A law requiring New Jersey’s several hundred government authorities, boards and commissions to post basic information online takes effect today, with some local entities still not compliant but most more transparent than ever.
The bill passed in January 2012 mandates that nearly 600 state, regional, county and local agencies need to have budgets, meeting schedules, contact lists and other things available on the Internet as a way to improve open government.
It allowed 13 months to do that, but some have yet to comply.
“In my mind, it’s a ridiculous law,” said Robert Spiegel, chief of the Seaville Volunteer Fire Company, who said they are working to post the required information online. “Everything was already as transparent as can be. Our information is posted on the Township Hall bulletin board for everyone to see.”
Nonetheless, seemingly many obscure government entities that had no Internet presence last year now have useful information online, such as financial documents and mission statements. These include fire districts, housing authorities, joint insurance funds, workforce investment boards and soil conservation districts.
“This is designed for more transparency in government so people can see what’s going on,” said Assemblyman Paul Moriarty, D-Gloucester, Camden, a primary sponsor of the law. “This should reduce the amount of (Open Public Records Act) requests, this should reduce the amount of paperwork. (This information) should be out there in the daylight for everyone to see.”
The bill was a direct response to a report by the Office of the State Comptroller that found there are 587 government entities in addition to the 566 municipal governments, 604 school district and 21 county governments that existed at the time.
It further found that only 3 percent of these other entities had financial information online even though they spent and accumulated debt in excess of an estimated $5 billion annually.
Pete McAleer, a spokesman for the Comptroller’s Office, said staff there plan to do a follow-up report now that the deadline has passed.
“Taxpayers are entitled to accessible information about the government entities they fund,” McAleer said. “Not only is that common sense, but now it’s the law.”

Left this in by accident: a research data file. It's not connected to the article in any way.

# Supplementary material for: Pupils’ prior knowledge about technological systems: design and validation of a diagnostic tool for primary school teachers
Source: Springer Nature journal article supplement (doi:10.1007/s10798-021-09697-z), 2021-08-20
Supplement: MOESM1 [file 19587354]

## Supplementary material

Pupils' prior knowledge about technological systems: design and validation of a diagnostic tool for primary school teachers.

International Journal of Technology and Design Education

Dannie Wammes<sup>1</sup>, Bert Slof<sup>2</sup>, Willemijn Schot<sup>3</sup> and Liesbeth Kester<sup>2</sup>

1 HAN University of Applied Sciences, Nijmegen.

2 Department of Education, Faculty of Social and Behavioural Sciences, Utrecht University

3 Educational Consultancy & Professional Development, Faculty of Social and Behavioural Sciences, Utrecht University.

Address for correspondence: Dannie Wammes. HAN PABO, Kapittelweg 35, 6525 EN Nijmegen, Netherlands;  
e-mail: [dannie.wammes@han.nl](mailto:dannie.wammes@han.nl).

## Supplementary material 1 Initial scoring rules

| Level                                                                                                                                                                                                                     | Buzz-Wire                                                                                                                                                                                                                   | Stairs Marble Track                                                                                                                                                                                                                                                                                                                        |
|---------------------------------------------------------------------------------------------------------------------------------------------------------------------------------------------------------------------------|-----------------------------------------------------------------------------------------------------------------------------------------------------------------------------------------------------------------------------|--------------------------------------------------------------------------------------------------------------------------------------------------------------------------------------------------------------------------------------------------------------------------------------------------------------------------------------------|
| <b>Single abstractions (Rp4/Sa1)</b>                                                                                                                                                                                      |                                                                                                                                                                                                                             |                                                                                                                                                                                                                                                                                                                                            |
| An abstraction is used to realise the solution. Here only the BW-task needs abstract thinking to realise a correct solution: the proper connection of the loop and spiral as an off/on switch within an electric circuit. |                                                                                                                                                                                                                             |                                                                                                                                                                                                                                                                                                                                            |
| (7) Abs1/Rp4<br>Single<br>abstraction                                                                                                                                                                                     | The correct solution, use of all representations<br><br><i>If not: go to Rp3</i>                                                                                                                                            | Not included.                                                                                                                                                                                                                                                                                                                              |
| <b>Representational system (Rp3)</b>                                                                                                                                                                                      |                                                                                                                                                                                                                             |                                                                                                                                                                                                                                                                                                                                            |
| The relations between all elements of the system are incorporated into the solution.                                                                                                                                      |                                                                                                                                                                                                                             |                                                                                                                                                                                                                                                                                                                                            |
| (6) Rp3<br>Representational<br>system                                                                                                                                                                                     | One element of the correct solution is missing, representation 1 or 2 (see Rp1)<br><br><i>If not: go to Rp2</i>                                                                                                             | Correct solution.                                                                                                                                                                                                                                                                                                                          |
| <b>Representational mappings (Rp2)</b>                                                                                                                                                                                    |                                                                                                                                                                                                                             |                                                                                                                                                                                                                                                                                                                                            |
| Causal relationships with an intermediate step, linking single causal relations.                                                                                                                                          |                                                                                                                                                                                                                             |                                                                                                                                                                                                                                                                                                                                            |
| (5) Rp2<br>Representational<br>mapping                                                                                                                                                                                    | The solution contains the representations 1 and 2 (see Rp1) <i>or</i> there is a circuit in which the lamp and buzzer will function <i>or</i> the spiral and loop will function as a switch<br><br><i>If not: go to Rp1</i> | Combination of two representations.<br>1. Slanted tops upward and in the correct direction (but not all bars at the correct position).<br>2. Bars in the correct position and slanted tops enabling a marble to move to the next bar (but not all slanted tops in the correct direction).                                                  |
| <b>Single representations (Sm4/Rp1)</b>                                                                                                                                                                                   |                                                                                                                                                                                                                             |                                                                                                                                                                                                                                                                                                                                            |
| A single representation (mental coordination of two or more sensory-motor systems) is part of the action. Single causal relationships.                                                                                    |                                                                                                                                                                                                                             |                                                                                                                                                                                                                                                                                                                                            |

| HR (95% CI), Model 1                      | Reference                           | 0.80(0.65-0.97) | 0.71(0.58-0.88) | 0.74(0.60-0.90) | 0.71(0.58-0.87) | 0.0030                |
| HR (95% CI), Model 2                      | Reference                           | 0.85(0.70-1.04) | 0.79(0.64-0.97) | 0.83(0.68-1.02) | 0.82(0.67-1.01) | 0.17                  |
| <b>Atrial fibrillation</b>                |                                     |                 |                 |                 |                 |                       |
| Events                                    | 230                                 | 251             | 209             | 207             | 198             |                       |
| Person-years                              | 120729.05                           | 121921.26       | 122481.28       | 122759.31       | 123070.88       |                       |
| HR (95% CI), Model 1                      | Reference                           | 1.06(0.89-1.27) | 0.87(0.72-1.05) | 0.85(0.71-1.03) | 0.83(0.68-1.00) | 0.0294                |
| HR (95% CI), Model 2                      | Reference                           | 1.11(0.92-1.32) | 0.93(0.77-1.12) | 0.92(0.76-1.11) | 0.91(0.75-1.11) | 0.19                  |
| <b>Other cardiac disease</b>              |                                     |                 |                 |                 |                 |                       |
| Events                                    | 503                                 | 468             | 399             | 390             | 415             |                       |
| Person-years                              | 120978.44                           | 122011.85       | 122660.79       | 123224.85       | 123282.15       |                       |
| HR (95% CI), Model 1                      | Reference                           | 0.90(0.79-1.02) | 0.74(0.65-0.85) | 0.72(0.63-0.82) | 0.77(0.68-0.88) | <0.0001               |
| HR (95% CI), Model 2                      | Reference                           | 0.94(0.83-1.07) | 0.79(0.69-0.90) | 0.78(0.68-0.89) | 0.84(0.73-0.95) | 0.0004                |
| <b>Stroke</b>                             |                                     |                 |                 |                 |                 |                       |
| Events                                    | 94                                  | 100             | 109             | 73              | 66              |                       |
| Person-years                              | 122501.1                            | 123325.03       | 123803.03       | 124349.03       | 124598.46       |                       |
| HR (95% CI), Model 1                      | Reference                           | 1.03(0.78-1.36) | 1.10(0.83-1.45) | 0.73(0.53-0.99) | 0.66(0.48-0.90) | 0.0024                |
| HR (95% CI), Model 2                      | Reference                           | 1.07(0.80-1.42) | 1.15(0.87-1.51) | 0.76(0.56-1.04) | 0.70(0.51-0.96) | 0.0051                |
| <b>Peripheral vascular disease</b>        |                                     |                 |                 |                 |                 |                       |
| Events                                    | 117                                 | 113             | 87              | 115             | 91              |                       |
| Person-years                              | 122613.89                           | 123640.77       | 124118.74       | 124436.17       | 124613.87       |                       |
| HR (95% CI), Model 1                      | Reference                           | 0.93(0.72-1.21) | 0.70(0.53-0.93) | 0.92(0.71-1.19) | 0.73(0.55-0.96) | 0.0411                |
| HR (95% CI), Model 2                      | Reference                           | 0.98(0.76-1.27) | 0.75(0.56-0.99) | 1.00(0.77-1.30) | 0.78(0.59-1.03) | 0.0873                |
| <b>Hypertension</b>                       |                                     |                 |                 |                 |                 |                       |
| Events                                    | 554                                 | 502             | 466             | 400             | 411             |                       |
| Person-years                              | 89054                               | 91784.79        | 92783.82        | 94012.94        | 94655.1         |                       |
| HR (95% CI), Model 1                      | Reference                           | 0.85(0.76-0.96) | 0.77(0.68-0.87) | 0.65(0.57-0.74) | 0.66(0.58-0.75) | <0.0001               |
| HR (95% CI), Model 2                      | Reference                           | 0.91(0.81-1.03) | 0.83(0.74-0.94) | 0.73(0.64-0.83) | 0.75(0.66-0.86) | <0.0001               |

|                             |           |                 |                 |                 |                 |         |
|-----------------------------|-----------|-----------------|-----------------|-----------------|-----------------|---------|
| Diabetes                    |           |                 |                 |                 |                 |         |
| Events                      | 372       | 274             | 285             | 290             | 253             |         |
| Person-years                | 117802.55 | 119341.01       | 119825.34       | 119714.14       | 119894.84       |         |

A follow-up may be just as exhaustive a task as the first report, though, because there is little uniformity in how the information is posted. Some entities have their own websites, and others have pages that are parts of other websites.
For instance, the Cape May County Pollution Control Financing Authority now has a single page accessible through the county’s website by clicking the “Boards and Commissions” link on the county’s homepage.
Meanwhile, the Minotola Fire Company had its own website built in the past year, with budgets accessible through the “Commissioners” link on its homepage. The site is not linked to on the Buena Borough website’s “Fire Departments” Web page, though.
“Maybe that’s grist for follow-up legislation,” Moriarty said.
An untold number of entities have posted most of the required information but technically not all of it.
The Ocean County Soil Conservation District has a lot of information on its website, for instance, but not meeting minutes for the past fiscal year, as required by law.
The Atlantic County Improvement Authority has an apparently thorough site, but it does not have a list of people or organizations that received more than $17,500 from the authority for rendered services, as also required by the law.
Many government entities have resisted moving information online, in general calling it an extra expense and labelling the new law in particular as an unfunded mandate.
However, simple websites can be made for a few hundred dollars in a few days or weeks. It could theoretically be done for free in a couple hours.
“If they were serious about meeting the law, they could have gotten the very minimum done,” said Troy Cawley, one of the co-owners of Middle Township-based CAM Web Design.
Cawley’s company offers simple designs for a few hundred dollars that could be done in a week or two. They have also made sites for nonprofit organizations at no charge.
He did say there is naturally more bureaucracy involved in creating a government website. A formal bid process, complying with federal accessibility laws and going through several layers of approval can slow down the project and add to its cost.
“I suspect it’s a reluctance to get into the whole process and not really wanting to get into some other sticky red tape,” he said.
The law also does not have any penalties for those authorities, boards or commissions that do not comply with the law, but even officials who have disagreed with it have taken steps to obey it.
Upper Township Clerk Barbara Young said the township’s four fire districts reached a shared services agreement with the township for it to host their essential information on its site. Only one has so far been posted, but Seaville Chief Spiegel said his company should have its information uploaded soon.
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